> completely decoupled from each other. It's about good design.
>

Taking a slight detour, let me ask you this... Which of the following
strategies do you consider to be better:

//-- A --
value = 0;
for(int i=1; i<=10; i++)
{
value += i*2;
}

//-- B --
value = sum(map(1..10, {n * 2}));

Both strategies compute the sum of the first 10 multiples of 2.

Strategy A makes the low-level implementation details very clear, but IMO,
it comes at the expense of high-level clarity. This is because the code
intermixes the high-level "what I want to accomplish?" with the low-level
details.

Strategy B much more closely resembles the high-level desired result, and
thus makes the high-level intent more clear. But this comes at the cost of
hiding the low-level details behind a layer of abstraction.

I may very well be wrong on this, but from what you've said it sounds like
you (as well as the other people who prefer [] to never be O(n)) are the
type of coder who would prefer "Strategy A". In that case, I can completely
understand your viewpoint on opIndex, even though I don't agree with it (I'm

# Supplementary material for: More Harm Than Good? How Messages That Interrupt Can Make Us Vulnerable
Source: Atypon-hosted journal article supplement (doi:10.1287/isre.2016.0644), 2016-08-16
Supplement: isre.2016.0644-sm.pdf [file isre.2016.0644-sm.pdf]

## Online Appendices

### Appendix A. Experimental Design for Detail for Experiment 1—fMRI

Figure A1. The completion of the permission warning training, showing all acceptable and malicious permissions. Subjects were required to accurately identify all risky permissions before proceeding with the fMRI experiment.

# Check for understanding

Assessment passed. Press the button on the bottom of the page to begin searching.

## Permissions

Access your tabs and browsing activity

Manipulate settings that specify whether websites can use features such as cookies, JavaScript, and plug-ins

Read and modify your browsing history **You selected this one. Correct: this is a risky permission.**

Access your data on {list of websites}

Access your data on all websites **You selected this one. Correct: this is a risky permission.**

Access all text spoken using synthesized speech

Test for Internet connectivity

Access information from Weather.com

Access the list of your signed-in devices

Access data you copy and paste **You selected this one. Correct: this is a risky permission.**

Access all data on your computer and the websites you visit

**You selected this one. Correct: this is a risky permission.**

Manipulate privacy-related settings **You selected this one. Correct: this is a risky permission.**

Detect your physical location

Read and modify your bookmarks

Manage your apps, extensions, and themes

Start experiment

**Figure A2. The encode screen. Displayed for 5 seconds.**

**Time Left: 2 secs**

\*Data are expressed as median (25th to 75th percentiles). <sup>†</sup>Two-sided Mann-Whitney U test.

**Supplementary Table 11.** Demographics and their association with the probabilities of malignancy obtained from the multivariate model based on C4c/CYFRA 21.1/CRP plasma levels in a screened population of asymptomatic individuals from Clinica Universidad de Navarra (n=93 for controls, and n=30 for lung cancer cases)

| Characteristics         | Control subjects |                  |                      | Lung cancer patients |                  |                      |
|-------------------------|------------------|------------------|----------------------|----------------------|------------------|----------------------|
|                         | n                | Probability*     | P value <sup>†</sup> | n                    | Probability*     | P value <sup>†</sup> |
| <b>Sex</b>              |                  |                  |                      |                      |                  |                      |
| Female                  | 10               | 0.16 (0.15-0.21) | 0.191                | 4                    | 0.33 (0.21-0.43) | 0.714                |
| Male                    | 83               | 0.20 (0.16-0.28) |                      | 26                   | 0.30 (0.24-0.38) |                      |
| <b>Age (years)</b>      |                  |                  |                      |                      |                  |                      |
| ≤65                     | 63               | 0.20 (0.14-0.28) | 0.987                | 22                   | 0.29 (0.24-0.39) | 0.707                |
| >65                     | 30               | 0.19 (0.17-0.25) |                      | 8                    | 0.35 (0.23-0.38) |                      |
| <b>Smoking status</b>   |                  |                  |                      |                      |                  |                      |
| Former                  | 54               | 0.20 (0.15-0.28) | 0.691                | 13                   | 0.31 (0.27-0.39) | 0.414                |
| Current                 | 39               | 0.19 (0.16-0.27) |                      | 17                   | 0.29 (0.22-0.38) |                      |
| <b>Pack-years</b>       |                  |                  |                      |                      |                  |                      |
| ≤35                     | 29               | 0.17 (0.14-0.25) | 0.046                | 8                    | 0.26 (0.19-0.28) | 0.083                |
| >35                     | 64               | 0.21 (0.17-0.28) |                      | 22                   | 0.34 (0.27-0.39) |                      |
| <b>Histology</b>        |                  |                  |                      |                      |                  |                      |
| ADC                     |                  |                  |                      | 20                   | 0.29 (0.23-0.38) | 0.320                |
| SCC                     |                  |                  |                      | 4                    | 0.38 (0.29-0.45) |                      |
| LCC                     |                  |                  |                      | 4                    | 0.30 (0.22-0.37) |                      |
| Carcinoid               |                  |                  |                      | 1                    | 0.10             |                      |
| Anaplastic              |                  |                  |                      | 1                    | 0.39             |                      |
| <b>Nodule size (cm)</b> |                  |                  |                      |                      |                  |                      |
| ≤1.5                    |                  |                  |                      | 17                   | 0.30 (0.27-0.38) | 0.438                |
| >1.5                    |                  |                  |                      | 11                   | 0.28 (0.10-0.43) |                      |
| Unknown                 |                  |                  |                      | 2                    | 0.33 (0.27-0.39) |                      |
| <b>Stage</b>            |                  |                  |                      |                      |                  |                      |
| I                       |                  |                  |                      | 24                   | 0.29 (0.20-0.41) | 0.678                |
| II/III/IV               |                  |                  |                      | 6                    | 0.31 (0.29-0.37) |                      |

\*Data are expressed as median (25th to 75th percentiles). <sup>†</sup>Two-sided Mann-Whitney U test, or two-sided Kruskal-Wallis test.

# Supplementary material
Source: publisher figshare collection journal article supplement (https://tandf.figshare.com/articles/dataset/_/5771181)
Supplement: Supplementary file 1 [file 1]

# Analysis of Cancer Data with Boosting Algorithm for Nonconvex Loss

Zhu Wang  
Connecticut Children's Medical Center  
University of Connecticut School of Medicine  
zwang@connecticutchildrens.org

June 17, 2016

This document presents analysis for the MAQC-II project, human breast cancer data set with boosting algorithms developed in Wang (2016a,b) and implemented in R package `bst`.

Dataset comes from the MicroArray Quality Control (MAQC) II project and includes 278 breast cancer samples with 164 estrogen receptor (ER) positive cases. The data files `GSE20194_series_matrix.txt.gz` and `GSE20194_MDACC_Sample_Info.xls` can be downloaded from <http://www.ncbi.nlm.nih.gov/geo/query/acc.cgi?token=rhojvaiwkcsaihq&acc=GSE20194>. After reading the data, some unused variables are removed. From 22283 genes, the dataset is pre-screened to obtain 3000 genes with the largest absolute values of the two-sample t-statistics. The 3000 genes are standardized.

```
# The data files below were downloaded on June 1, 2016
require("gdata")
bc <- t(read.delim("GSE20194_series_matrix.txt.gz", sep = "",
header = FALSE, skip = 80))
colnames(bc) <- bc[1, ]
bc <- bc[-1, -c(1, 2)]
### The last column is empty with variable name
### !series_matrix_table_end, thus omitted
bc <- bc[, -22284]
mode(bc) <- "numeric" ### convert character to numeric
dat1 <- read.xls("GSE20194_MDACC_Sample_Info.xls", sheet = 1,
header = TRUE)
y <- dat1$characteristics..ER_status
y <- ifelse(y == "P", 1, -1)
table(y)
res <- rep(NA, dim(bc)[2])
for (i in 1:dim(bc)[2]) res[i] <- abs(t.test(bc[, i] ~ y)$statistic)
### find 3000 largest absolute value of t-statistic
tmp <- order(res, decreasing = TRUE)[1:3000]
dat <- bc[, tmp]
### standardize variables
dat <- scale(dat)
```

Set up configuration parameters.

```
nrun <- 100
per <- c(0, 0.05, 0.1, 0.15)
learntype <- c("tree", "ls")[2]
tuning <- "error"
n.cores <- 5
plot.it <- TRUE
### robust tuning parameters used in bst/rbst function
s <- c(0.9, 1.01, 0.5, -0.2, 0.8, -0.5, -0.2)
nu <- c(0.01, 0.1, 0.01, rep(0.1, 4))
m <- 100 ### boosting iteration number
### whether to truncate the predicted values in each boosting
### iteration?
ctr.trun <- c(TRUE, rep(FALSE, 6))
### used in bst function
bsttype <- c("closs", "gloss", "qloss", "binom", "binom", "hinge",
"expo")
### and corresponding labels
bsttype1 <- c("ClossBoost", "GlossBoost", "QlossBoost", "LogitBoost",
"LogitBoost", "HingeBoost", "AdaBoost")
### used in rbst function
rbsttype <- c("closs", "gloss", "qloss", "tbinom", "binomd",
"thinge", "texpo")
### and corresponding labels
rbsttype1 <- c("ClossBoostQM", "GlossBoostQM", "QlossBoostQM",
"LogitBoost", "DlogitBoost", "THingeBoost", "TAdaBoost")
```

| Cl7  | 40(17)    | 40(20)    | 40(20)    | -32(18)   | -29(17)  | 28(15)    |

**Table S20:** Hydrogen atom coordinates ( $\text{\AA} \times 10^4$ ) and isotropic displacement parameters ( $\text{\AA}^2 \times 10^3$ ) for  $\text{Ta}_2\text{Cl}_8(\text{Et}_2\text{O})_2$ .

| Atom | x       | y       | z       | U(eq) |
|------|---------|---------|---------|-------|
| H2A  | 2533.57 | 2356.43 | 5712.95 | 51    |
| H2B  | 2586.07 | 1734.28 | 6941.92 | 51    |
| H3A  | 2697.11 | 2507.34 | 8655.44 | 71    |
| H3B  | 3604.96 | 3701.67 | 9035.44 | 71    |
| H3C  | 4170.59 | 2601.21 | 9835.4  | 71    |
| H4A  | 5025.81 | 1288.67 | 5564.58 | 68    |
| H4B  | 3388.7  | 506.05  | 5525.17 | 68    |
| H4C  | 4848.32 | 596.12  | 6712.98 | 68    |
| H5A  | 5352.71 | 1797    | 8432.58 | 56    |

a "Strategy B" kind of person).

Of course, if I'm wrong on that assumption, then we're back to square one ;)
```
```"Nick Sabalausky" wrote
> "Don" <nospam@nospam.com.au> wrote in message
> news:g95td3\$2tu0\$1@digitalmars.com...
>> Nick Sabalausky wrote:
>>> "Don" <nospam@nospam.com.au> wrote in message
>>> news:g95ks5\$2aon\$1@digitalmars.com...
>>>> Nick Sabalausky wrote:
>>>>> "Dee Girl" <deegirl@noreply.com> wrote in message
>>>>> news:g94j7a\$2875\$1@digitalmars.com...
>>>>>> I appreciate your view point. Please allow me explain. The view point
>>>>>> is in opposition with STL. In STL each algorithm defines what kind of
>>>>>> iterator it operates with. And it requires what iterator complexity.
>>>>>>
>>>>>> I agree that other design can be made. But STL has that design. In my
>>>>>> opinion is much part of what make STL so successful.
>>>>>>
>>>>>> I disagree that algorithm that knows complexity of iterator is
>>>>>> concrete. I think exactly contrary. Maybe it is good that you read
>>>>>> book about STL by Josuttis. STL algorithms are the most generic I
>>>>>> ever find in any language. I hope std.algorithm in D will be better.
>>>>>> But right now std.algorithm works only with array.
>>>>>>
>>>>>>> If an algoritm uses [] and doesn't know the